How are self-learning algorithms influencing our creativity, language and the scope of our perception?
Holger Volland talked with many of THE ARTS+ experts during the last two years and is convinced that technology is already influencing our culture today more than we think. These expert meetings turned into a book that is discussing what trends are on the horizon for the future of our culture.
These and other topics will also be discussed at this year’s edition of THE ARTS+, the creative business festival of the Frankfurter Buchmesse (10-14 October 2018).
The following is an excerpt from Holger’s book:
Creativity begins with copying
The question that presents itself at the outset is: What is artificial intelligence (AI) anyway? The term is used to refer broadly to all forms of technology used in connection with intelligent capacities previously ascribed only to humans. This includes autonomous learning, pattern recognition, robotics, natural language processing and translation. A distinction is made between “strong AI” and “weak AI”. The former refers to machines that are essentially capable of all the intellectual activities humans also excel in; so far, it exists only in theory. All currently extant forms of AI are “weak”, in the sense that they are only proficient in individual disciplines, such as recognising texts or images or copying Rembrandts. However, they often have better command of these limited capabilities than we humans do.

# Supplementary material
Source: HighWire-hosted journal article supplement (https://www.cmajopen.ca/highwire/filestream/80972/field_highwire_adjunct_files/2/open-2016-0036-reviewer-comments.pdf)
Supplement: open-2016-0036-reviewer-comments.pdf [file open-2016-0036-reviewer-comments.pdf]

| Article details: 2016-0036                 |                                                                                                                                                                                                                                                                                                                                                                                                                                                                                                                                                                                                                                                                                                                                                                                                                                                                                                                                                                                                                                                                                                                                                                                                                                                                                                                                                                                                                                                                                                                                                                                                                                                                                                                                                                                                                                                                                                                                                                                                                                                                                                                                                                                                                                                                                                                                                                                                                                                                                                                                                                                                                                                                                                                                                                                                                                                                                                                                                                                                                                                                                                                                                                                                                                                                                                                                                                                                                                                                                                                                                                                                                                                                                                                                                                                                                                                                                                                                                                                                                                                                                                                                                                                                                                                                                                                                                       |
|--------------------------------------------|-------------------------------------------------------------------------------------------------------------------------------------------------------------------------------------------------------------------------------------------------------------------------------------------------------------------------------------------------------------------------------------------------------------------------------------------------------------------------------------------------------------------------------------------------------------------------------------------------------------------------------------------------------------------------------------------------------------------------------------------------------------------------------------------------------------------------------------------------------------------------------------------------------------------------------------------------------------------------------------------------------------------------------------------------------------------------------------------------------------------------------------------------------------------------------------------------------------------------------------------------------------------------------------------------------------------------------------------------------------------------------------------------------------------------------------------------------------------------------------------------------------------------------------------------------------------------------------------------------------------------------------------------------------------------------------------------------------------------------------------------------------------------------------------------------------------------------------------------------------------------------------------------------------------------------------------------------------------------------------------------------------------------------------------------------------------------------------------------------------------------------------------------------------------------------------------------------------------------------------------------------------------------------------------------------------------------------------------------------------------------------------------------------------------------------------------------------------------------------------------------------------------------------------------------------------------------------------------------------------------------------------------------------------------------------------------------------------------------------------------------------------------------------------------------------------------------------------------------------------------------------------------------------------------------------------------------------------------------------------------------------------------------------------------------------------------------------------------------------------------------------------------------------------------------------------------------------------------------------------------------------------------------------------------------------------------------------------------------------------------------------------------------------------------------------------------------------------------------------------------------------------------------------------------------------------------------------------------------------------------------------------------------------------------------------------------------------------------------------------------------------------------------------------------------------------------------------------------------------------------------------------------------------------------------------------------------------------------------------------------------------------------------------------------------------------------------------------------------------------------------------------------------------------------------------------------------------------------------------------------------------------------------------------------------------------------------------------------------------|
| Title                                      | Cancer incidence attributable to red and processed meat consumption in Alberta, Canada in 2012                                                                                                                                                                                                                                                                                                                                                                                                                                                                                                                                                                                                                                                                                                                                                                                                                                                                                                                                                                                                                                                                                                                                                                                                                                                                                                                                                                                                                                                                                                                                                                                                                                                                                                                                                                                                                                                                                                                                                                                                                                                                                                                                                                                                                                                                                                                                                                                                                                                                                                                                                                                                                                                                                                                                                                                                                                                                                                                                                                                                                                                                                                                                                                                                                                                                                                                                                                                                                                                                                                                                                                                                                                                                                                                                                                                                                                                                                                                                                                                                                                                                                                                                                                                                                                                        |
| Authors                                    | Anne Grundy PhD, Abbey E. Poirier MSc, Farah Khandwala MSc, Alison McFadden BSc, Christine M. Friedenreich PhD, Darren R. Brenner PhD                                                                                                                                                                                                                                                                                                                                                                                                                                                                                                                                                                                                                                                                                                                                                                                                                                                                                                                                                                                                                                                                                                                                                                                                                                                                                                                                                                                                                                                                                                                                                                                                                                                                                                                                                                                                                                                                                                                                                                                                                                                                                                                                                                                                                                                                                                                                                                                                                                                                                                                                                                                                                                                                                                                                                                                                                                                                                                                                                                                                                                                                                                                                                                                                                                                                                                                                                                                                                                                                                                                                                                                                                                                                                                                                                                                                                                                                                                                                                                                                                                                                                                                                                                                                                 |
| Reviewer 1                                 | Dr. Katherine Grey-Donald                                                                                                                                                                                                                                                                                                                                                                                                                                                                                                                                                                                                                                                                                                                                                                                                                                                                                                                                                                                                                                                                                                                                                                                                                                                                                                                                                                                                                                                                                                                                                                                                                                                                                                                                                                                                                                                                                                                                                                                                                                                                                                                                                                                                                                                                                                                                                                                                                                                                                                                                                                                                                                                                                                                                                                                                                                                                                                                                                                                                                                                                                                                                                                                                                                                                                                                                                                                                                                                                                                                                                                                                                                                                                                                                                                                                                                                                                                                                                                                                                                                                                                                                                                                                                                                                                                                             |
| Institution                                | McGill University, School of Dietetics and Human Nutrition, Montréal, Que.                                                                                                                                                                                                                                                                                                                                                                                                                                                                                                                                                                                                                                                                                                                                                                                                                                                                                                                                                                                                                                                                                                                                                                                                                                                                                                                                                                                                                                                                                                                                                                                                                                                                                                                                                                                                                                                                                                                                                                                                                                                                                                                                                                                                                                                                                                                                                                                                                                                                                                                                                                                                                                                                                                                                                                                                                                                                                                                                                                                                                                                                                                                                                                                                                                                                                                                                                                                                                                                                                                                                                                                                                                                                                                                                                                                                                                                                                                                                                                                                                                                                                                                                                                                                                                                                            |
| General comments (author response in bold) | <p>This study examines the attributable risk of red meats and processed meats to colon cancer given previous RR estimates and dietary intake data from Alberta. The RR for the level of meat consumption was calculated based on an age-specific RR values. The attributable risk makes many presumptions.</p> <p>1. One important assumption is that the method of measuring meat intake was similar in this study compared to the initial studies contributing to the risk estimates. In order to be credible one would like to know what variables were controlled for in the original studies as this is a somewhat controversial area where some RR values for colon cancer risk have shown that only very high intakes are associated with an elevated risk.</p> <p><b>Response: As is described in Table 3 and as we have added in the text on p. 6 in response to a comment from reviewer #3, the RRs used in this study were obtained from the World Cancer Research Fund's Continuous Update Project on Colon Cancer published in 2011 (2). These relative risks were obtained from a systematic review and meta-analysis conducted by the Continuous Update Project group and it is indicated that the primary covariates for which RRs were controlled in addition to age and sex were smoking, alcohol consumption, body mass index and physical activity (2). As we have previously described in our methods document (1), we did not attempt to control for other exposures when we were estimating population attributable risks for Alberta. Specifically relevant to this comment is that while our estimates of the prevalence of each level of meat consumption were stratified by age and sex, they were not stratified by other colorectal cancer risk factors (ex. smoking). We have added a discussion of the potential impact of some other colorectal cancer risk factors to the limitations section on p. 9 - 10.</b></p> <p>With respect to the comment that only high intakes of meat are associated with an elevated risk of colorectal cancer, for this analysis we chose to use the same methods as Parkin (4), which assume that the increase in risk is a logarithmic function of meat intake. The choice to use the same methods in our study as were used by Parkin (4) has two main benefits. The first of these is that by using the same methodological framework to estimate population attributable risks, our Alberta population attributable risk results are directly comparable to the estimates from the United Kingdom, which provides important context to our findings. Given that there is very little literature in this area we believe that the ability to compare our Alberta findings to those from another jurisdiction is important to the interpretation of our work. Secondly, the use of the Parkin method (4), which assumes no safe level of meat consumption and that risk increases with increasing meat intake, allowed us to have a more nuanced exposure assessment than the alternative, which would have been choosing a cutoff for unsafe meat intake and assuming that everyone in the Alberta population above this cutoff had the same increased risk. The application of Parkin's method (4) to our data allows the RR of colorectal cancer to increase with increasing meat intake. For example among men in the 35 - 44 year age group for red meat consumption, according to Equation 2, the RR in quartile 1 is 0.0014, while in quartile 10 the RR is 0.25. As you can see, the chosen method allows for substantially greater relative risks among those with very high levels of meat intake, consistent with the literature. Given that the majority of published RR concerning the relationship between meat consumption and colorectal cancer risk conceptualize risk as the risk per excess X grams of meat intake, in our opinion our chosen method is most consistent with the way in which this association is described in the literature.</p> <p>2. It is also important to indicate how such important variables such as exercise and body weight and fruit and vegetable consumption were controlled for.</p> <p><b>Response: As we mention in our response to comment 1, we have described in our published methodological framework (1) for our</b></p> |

I read studies about how robots are changing our work environment for the better, supporting us as tireless helpers. And I read other studies about how robots are robbing us of our work, reducing us all to poor layabouts. I spoke with experts from technology companies, with scientists, artists and musicians. Finally, via the Internet, I asked people in my personal network about their fears and expectations in the various areas in which AI is used. During the course of this research, my mood alternated between fear and euphoria with lovely regularity: One moment, I was excited about some new AI development like “The Next Rembrandt” project; the next, I shuddered to imagine what these capacities might lead to.
Of course, one can argue that just because software can, for example, store and analyse all of Rembrandt’s portraits and use the features expressed in them to create new images, this hardly makes it a great master. At the same time, even though this software does not develop its own style and merely imitates the Old Master, it is quite creative in its invention of new images. As a result, in this book, I also allow myself to write about “creative artificial intelligence” or “CAI”. I understand this term to mean AI applications that produce their own original creations and can generate music, images or designs. They are capable of doing so above all because they are continuing to learn constantly and thus forever improving their results. At first glance – as you will see in this book – this form of AI is already widespread.
(“The Creative Power of Machines. Why Artificial Intelligence Determines What We Feel and Think Tomorrow”)
Published by Beltz Verlag